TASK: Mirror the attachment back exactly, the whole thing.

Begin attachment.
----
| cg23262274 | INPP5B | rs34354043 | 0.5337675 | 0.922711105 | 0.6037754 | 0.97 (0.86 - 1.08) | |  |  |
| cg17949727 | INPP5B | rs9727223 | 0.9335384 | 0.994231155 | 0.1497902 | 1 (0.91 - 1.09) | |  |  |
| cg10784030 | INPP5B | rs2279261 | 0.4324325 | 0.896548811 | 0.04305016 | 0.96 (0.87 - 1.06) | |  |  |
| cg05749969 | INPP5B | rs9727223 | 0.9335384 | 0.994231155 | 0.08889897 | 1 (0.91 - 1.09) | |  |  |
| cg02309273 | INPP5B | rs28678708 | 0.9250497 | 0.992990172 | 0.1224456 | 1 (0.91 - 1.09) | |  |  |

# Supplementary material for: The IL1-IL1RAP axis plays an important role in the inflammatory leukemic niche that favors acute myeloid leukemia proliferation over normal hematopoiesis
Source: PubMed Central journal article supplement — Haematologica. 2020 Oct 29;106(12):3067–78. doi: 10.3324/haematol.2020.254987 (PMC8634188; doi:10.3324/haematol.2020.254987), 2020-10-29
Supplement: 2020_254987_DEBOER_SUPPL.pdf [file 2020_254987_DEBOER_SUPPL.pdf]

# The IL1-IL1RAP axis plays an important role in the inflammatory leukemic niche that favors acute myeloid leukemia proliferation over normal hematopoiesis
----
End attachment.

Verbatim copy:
| cg23262274 | INPP5B | rs34354043 | 0.5337675 | 0.922711105 | 0.6037754 | 0.97 (0.86 - 1.08) | |  |  |
| cg17949727 | INPP5B | rs9727223 | 0.9335384 | 0.994231155 | 0.1497902 | 1 (0.91 - 1.09) | |  |  |
| cg10784030 | INPP5B | rs2279261 | 0.4324325 | 0.896548811 | 0.04305016 | 0.96 (0.87 - 1.06) | |  |  |
| cg05749969 | INPP5B | rs9727223 | 0.9335384 | 0.994231155 | 0.08889897 | 1 (0.91 - 1.09) | |  |  |
| cg02309273 | INPP5B | rs28678708 | 0.9250497 | 0.992990172 | 0.1224456 | 1 (0.91 - 1.09) | |  |  |

# Supplementary material for: The IL1-IL1RAP axis plays an important role in the inflammatory leukemic niche that favors acute myeloid leukemia proliferation over normal hematopoiesis
Source: PubMed Central journal article supplement — Haematologica. 2020 Oct 29;106(12):3067–78. doi: 10.3324/haematol.2020.254987 (PMC8634188; doi:10.3324/haematol.2020.254987), 2020-10-29
Supplement: 2020_254987_DEBOER_SUPPL.pdf [file 2020_254987_DEBOER_SUPPL.pdf]

# The IL1-IL1RAP axis plays an important role in the inflammatory leukemic niche that favors acute myeloid leukemia proliferation over normal hematopoiesis